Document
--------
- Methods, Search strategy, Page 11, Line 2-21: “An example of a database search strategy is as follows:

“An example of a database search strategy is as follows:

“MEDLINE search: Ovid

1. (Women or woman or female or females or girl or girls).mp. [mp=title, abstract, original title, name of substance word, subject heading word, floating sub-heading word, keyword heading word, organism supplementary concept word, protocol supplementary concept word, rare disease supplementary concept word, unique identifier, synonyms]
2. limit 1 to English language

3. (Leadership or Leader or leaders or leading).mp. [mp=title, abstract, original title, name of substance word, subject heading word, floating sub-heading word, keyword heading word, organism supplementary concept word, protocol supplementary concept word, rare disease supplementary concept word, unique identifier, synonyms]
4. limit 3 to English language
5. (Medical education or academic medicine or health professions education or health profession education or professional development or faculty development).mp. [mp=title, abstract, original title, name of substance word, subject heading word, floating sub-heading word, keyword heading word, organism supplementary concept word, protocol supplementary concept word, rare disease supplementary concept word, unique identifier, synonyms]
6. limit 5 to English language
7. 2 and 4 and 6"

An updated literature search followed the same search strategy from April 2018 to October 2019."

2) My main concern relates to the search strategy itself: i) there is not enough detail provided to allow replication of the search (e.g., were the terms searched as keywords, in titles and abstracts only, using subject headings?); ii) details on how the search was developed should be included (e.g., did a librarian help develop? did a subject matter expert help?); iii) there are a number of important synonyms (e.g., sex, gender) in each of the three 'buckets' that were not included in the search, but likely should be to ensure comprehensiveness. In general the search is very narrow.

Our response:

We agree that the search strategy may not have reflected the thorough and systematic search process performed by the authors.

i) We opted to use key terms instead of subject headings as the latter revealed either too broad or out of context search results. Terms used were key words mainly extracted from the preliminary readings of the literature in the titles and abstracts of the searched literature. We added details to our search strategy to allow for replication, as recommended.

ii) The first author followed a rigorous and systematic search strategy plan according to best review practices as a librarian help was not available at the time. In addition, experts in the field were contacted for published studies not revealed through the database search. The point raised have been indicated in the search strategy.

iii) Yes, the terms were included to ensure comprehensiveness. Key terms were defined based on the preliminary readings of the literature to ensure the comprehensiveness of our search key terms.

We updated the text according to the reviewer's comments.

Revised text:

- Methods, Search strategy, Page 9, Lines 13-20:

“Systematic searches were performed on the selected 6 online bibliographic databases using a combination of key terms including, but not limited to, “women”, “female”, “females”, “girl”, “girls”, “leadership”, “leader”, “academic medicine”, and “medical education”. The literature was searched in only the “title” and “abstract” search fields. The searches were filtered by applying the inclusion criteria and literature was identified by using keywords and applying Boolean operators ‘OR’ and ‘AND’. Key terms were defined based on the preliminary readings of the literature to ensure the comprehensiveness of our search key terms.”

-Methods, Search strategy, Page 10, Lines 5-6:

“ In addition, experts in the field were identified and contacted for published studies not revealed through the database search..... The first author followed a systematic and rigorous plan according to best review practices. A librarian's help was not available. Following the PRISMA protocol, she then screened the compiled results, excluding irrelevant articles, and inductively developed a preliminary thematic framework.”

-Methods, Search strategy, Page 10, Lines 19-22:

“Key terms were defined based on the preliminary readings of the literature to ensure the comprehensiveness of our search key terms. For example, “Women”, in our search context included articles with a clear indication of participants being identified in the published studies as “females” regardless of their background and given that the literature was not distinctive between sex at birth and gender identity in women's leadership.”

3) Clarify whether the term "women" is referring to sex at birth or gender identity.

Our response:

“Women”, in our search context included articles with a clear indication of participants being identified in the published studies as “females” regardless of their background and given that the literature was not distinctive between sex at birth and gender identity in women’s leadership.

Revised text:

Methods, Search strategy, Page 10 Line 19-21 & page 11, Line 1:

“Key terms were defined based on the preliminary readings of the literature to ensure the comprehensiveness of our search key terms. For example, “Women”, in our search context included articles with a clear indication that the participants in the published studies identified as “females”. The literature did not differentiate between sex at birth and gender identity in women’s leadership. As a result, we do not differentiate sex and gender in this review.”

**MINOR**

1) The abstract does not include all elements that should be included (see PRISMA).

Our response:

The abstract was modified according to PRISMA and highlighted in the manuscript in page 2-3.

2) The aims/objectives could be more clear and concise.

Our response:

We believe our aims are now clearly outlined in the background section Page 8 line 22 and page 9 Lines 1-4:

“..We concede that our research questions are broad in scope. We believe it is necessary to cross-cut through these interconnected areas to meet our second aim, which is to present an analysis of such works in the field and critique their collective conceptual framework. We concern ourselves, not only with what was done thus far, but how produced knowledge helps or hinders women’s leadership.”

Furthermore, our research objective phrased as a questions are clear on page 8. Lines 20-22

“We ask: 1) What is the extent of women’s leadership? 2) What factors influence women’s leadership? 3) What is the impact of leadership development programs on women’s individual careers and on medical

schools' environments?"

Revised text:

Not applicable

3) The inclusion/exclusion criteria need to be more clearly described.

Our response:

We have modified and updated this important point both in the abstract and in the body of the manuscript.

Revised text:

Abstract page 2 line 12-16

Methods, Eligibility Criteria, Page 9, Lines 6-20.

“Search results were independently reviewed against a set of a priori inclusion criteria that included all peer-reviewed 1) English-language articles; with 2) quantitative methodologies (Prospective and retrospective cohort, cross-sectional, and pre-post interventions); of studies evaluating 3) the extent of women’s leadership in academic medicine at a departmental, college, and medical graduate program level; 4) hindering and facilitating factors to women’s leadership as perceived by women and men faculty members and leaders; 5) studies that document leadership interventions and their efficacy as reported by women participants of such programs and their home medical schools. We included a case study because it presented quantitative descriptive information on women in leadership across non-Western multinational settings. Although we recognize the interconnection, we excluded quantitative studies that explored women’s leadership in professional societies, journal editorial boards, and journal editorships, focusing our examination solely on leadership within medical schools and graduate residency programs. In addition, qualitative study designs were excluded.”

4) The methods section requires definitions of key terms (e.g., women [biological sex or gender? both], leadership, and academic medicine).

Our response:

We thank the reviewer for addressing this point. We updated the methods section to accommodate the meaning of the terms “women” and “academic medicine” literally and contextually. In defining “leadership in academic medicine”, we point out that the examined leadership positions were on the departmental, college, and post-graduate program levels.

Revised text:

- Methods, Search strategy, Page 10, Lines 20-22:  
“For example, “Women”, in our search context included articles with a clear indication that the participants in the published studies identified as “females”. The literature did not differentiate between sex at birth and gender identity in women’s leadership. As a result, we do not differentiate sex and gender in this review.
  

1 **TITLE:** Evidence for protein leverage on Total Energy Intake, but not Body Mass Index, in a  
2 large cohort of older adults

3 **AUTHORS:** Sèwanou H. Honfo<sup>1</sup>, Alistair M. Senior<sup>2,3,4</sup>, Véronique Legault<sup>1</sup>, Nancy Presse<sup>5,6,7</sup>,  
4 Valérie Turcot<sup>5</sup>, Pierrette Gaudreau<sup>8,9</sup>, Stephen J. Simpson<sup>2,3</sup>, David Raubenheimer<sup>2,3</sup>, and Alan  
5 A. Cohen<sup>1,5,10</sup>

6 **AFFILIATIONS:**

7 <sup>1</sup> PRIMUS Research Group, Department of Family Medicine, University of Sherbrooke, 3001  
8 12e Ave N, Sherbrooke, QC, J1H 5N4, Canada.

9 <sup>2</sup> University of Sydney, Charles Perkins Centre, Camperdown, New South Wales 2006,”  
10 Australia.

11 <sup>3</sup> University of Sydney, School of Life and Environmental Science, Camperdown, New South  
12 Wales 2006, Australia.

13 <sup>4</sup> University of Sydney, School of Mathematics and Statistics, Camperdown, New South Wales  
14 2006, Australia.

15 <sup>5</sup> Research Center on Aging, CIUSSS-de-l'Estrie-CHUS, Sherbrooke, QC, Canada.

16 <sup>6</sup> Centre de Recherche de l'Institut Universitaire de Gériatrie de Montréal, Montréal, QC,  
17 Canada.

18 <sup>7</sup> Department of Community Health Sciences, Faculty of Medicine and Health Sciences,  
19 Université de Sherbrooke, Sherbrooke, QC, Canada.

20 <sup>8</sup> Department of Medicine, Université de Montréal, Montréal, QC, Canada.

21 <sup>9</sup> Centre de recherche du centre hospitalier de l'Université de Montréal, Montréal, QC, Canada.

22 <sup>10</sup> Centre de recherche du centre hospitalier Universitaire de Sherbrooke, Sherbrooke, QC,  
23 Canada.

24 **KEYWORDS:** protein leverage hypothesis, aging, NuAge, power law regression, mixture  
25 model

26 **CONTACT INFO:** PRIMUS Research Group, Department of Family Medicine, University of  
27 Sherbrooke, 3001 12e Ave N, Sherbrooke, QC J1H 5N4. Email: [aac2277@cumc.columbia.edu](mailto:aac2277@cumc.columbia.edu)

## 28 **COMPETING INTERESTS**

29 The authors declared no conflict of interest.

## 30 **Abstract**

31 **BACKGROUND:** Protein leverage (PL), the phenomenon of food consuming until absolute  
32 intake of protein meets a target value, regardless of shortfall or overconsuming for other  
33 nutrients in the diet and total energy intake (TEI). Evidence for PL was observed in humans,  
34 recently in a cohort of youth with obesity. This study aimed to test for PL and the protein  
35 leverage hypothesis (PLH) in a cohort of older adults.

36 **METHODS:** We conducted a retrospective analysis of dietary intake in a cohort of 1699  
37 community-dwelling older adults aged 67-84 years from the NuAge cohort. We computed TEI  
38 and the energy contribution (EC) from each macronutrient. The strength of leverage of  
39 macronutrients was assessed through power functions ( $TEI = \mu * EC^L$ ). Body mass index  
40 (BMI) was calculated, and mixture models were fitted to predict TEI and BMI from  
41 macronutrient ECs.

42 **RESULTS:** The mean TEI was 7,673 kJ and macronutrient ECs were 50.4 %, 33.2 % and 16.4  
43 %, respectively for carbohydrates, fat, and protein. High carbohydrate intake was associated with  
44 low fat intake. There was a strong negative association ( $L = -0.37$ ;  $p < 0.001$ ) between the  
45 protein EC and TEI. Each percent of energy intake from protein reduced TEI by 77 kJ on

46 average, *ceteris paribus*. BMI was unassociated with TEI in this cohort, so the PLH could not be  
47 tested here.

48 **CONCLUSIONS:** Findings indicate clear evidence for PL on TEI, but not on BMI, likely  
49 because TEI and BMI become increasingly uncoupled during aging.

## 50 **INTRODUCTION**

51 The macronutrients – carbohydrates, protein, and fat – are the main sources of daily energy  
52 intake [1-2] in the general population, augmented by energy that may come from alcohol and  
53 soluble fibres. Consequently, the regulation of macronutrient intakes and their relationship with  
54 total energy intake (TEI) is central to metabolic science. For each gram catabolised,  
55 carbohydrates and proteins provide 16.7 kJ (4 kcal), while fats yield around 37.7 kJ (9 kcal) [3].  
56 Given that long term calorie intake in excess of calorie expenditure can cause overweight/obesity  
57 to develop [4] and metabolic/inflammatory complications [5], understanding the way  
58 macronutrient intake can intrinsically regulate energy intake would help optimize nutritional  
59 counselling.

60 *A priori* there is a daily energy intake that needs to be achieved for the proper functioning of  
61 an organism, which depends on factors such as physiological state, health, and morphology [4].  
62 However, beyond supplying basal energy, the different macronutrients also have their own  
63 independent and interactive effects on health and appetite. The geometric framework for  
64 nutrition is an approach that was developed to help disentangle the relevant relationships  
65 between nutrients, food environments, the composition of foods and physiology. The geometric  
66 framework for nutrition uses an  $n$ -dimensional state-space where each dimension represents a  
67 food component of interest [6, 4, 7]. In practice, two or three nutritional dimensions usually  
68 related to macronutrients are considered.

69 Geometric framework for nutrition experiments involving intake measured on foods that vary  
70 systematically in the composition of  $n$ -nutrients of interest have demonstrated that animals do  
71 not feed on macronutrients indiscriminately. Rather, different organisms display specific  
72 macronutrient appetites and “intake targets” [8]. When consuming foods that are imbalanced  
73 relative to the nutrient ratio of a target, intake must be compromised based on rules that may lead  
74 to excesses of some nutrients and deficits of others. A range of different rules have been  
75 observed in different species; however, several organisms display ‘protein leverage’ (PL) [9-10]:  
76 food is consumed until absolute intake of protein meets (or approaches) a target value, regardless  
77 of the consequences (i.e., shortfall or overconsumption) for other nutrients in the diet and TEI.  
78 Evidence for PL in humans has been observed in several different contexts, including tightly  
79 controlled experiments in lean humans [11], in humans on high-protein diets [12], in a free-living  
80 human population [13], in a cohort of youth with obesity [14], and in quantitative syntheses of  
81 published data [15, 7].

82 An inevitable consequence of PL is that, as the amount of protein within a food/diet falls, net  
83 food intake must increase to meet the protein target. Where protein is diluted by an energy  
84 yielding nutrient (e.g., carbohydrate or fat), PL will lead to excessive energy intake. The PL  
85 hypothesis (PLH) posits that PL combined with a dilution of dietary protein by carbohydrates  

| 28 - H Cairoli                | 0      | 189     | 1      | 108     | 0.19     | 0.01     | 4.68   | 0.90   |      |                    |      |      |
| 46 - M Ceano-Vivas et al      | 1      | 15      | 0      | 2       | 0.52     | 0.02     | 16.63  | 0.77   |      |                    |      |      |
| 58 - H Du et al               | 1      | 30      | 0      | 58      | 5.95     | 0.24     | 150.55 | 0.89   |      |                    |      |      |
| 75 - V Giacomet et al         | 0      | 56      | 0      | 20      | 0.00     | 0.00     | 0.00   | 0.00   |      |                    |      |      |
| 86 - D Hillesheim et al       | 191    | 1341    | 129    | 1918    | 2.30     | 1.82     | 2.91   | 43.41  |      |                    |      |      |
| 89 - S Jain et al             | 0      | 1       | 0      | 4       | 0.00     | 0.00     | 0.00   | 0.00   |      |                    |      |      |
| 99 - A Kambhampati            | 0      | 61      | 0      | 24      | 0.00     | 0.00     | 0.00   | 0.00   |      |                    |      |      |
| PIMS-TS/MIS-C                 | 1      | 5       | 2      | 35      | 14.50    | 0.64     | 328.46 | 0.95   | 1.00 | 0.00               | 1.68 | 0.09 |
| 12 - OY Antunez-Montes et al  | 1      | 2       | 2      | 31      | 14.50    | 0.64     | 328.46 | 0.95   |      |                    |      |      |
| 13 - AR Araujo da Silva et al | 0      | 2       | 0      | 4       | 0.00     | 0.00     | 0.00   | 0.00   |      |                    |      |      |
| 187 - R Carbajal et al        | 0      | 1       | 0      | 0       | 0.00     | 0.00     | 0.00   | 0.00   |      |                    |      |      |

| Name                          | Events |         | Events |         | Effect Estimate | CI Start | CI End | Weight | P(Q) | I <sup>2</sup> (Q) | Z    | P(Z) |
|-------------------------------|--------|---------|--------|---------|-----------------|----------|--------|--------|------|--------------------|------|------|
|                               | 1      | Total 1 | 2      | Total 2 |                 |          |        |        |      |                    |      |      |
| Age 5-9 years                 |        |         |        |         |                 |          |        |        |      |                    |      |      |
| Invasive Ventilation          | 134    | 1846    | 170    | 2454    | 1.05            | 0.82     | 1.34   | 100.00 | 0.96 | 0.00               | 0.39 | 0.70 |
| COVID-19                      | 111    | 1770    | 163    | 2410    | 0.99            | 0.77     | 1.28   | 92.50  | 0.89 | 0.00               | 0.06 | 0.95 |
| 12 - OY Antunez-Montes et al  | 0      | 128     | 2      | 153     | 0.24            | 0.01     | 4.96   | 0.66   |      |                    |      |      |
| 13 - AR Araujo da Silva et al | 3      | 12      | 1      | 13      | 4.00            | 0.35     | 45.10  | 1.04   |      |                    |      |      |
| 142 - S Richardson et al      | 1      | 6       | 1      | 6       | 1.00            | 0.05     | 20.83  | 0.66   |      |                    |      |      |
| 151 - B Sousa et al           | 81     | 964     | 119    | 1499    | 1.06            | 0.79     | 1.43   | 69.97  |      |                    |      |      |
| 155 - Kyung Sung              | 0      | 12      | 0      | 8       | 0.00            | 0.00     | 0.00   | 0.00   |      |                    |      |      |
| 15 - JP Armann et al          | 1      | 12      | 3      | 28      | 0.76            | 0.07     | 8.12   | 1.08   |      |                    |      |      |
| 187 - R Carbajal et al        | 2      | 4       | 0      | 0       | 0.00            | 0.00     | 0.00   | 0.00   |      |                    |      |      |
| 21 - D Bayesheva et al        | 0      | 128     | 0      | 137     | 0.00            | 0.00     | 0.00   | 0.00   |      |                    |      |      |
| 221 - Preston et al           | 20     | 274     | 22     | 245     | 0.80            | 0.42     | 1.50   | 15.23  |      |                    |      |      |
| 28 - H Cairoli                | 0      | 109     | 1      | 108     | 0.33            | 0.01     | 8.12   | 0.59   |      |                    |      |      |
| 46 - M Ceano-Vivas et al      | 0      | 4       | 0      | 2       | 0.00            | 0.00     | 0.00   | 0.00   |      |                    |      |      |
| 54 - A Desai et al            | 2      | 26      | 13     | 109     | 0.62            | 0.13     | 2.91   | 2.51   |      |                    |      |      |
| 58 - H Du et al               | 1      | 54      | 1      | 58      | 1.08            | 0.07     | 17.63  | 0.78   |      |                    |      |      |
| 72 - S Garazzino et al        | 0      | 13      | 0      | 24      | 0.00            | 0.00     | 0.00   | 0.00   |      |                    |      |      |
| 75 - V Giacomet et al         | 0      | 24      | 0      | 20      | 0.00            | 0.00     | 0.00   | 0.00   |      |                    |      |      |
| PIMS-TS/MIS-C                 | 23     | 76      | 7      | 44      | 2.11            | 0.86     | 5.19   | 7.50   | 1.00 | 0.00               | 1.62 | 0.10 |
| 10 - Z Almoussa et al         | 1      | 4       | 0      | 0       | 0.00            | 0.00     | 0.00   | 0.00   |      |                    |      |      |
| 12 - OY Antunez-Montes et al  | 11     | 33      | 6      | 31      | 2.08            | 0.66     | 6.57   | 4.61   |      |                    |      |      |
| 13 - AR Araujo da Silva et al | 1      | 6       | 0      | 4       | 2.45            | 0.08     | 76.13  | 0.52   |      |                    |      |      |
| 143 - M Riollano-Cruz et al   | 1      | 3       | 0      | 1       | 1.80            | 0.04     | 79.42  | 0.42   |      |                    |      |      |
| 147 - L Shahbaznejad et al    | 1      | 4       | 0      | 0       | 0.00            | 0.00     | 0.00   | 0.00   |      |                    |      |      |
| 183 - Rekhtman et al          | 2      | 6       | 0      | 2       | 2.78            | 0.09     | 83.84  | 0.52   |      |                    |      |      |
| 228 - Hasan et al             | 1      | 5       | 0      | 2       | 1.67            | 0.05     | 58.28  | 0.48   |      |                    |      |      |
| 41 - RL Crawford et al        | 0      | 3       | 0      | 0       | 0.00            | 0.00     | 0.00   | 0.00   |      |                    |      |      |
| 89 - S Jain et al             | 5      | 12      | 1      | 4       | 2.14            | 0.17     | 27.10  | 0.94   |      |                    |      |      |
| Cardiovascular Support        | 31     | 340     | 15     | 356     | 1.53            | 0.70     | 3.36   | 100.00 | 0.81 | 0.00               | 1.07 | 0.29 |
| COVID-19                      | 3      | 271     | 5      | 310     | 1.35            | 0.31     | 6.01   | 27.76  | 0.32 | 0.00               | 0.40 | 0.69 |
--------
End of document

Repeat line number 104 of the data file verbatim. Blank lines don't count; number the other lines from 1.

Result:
47 tested here.